Comparison of next-generation DNA sequencing to traditional morphological identification for environmental monitoring

Project ID: 1831
Principal Investigator: Sherri Pucherelli
Research Topic: Invasive Species
Funded Fiscal Years: 2018 and 2019
Keywords: None

Research Question

This research will help determine the benefits, limitations, and accuracy of next-generation DNA sequencing in comparison to traditional taxonomic methods. Many Reclamation projects require environmental monitoring, as the impact of invasive species, construction, water treatments, habitat restoration, and other habitat manipulations can be determined by observing the change in local species richness and abundance. Some commonly studied organisms include, macroinvertebrates, zooplankton, and bacteria. Traditional methods for monitoring these communities require specialized sampling procedures, sample processing, and expertise on taxonomic identification, which require a significant amount of time and funds. Traditional methods also require that specimen are euthanized for identification, which is not ideal when sampling for native, threatened and endangered species. Next-generation sequencing is a new technology that may be used to replace some traditional sampling methods at a lower cost while potentially providing more precise data output and reveal hidden diversity. An additional benefit of the technology is that it does not require the sacrifice of native, exotic, or threatened organisms. The technology does have limitations and the goal of this research study is to determine how best to utilize this technology for a variety of Reclamation projects. RESEARCH STRATEGY: This project includes a literature review of the current research in the field to determine how to structure the study to make sure it builds upon the current research. Macroinvertebrate samples collected from wetlands in Folsom, CA, that were previously identified by a taxonomist, will be analyzed by next-generation sequencing (NGS). DNA will be extracted from both the isopropanol supernatant, used as the fixative and storage media for the samples, and from pooled and macerated macroinvertebrate tissue. Polymerase chain reaction (PCR) will be used to amplify a fragment of DNA from both the media a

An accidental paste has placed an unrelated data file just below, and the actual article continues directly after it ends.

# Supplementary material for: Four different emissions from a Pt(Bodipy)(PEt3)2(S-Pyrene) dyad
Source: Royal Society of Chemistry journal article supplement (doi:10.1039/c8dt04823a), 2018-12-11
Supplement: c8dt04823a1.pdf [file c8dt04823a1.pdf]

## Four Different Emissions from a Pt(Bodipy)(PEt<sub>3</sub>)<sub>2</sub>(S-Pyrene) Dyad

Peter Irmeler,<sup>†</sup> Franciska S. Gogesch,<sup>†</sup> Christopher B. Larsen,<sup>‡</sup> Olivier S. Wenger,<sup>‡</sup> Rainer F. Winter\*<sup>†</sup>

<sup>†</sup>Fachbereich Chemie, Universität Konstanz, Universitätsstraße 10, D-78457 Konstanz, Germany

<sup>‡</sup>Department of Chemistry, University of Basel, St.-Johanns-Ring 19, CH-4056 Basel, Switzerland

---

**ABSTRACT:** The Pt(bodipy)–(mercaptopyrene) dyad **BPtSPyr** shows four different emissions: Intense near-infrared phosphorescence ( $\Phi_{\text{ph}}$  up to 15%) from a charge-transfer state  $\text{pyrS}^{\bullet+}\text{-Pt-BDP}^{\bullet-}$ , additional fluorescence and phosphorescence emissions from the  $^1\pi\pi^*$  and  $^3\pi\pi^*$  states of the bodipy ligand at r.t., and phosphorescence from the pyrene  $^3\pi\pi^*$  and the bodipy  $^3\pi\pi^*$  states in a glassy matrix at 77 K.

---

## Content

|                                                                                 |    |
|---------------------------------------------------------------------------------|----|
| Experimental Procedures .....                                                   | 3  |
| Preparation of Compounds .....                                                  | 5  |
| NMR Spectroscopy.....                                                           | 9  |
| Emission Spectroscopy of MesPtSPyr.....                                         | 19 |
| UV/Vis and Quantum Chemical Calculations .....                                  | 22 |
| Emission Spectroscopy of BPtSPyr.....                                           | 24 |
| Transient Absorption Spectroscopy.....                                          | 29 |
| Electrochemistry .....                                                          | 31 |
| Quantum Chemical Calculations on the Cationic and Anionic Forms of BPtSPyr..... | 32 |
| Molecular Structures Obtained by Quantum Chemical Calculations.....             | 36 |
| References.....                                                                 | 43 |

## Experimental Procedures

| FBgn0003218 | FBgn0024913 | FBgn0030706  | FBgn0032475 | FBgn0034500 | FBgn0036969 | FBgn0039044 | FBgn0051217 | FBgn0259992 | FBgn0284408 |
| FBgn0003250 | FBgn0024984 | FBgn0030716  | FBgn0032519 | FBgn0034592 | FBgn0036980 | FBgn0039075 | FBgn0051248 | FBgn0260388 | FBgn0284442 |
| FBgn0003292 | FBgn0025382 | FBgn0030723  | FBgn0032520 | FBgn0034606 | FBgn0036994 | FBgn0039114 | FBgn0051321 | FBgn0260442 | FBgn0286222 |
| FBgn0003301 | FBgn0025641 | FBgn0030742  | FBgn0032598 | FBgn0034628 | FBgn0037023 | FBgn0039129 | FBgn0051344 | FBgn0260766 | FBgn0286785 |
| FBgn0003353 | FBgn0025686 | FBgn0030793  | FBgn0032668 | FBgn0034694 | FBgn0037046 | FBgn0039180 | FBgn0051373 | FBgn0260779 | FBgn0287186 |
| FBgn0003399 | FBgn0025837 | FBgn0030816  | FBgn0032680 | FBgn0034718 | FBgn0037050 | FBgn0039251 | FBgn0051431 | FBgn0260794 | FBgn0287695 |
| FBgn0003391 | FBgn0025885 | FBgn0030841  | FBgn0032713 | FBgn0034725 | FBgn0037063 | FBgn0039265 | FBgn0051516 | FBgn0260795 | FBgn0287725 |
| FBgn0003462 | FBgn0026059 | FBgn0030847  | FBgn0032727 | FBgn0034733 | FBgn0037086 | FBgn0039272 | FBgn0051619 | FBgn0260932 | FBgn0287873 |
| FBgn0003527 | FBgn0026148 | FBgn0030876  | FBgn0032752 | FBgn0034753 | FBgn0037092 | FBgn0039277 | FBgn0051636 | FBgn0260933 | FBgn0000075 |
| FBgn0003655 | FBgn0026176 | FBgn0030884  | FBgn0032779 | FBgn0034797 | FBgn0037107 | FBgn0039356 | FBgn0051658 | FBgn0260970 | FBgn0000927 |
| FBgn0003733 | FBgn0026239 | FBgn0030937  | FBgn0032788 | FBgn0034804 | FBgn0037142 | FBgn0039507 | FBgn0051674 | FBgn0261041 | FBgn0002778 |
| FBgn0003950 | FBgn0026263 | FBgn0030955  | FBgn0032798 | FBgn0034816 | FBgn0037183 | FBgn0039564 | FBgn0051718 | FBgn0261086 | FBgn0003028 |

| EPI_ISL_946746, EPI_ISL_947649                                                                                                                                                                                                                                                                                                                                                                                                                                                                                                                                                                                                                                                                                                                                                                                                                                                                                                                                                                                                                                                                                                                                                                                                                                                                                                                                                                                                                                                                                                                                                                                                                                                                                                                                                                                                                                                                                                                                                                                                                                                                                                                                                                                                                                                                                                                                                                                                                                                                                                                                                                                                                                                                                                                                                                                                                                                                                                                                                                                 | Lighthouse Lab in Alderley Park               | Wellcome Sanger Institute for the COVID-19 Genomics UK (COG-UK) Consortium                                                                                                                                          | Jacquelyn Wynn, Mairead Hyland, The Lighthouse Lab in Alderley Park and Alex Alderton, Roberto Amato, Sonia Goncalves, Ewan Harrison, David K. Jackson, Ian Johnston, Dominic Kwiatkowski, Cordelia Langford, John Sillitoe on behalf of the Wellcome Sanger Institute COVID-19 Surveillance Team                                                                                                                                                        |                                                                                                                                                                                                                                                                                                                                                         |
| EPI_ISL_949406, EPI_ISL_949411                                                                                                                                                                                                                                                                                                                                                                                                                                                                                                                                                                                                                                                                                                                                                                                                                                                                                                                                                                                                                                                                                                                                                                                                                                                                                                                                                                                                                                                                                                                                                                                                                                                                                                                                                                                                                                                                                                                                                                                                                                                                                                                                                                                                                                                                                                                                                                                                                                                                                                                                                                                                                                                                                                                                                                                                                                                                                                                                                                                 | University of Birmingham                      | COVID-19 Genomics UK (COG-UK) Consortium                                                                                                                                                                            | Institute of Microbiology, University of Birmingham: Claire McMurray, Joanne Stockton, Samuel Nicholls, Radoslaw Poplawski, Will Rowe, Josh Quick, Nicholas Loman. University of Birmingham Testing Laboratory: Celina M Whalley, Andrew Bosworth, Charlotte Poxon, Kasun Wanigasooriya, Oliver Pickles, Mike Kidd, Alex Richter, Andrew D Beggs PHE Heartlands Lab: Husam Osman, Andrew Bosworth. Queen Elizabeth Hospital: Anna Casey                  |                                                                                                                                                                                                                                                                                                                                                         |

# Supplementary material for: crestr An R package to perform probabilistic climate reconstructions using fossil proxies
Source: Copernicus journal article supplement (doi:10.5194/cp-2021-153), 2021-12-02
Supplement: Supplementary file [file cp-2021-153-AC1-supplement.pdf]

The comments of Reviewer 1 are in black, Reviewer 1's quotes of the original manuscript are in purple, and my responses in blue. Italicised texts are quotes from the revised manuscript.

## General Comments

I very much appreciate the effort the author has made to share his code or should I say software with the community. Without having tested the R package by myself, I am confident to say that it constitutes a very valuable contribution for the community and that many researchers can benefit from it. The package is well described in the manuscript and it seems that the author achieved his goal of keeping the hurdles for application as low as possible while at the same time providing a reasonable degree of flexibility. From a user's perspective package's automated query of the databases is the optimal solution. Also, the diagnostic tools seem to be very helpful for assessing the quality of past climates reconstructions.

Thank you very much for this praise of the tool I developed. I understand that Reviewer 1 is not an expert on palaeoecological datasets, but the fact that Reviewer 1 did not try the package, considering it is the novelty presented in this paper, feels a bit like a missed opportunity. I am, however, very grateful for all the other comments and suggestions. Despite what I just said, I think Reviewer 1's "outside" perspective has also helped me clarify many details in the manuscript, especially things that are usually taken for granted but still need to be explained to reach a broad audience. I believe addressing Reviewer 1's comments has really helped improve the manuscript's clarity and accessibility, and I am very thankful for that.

Need and Benefit

The results of this study will help determine how next-generation sequencing can be used to benefit Reclamation projects that require environmental monitoring in response to construction activities, invasive species, habitat restoration, and water treatment. The Reclamation Detection Laboratory for Exotic Species (RDLES) has had at least 5 requests for this analysis and many collaborators in the regions have expressed interest. Reclamation has limited taxonomic identification capabilities, and many of the regional offices contract out this work for significant costs. This research may provide a new option for completing this work at a reduced cost. Next-generation sequencing is a relatively new technology that still requires project specific research, therefore this work has potential for a peer review journal publication.

This study will provide a cost-benefit analysis of next-generation sequencing compared to traditional methods that will be Reclamation specific. We will determine if the data produced by the method are more or less informative as traditional methods. This research will determine which Reclamation projects would benefit most from this technology and managers of those projects throughout the regions will be briefed on the technology and Reclamations capabilities.

Next-generation sequencing is a powerful tool and rapidly evolving field, and Reclamation will be required to utilize this technology. When this analysis is requested we will have to incorporate this research into real-world jobs which significantly limits our ability to understand the technology and is unfair to our client's limited budget.

Contributing Partners

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Research Products

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Last Updated: 4/4/17